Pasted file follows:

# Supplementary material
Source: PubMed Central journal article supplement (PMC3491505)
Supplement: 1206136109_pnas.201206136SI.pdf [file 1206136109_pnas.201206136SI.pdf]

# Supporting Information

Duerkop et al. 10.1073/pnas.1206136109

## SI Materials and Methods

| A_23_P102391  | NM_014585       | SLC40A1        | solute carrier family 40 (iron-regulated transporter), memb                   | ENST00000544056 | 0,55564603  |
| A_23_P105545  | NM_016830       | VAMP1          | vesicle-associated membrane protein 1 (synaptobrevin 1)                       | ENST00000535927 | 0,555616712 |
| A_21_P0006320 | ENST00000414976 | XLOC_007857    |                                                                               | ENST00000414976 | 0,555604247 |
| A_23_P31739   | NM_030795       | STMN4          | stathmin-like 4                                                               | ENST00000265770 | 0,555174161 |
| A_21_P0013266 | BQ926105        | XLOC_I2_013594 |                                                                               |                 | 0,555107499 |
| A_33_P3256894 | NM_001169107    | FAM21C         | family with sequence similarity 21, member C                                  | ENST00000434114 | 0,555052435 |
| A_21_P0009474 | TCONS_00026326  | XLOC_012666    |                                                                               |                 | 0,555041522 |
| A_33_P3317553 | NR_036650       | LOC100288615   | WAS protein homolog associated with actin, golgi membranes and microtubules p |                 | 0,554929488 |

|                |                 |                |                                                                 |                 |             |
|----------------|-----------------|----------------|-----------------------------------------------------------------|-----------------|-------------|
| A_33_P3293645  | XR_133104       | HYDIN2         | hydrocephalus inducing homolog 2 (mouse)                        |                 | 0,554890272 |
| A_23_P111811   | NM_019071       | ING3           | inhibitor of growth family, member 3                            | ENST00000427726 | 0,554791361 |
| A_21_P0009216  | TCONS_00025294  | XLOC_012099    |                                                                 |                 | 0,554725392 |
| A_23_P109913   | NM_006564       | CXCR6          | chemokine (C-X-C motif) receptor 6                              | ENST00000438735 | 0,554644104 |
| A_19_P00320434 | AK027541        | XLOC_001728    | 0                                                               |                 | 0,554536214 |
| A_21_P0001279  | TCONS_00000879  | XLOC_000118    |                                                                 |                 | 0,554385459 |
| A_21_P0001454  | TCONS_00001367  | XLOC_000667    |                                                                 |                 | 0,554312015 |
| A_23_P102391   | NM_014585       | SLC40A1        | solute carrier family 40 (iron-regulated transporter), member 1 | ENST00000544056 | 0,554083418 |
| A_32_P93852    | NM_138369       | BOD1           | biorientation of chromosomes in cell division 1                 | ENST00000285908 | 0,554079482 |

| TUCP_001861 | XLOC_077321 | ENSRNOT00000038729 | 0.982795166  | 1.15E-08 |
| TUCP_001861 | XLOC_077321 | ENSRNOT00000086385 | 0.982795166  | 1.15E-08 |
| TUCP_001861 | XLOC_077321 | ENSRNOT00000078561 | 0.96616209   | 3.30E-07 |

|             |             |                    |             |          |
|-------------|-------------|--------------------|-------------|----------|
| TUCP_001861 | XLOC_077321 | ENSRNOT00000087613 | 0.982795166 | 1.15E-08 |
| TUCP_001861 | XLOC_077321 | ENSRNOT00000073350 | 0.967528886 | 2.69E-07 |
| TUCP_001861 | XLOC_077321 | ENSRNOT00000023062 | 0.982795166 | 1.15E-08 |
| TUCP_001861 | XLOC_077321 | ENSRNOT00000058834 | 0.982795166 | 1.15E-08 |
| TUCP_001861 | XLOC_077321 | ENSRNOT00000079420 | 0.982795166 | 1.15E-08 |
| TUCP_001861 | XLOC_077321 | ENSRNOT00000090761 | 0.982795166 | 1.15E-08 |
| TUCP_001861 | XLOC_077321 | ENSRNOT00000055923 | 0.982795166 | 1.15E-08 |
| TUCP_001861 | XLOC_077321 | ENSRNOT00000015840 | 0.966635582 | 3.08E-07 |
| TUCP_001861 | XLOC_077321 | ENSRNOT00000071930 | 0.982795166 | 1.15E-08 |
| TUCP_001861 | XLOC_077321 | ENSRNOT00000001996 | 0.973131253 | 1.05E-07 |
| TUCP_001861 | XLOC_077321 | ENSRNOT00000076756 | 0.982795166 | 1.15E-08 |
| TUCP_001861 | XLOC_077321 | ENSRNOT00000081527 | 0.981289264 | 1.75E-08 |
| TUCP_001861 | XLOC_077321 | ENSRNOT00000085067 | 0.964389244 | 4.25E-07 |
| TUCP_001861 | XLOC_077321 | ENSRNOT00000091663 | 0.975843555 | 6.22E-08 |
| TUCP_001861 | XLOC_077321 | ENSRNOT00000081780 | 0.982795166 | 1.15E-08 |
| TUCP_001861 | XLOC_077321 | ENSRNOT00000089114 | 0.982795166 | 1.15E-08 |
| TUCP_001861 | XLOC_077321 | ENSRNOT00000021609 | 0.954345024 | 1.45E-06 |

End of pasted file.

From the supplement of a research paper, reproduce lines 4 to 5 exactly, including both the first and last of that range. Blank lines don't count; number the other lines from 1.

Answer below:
# Supporting Information

Duerkop et al. 10.1073/pnas.1206136109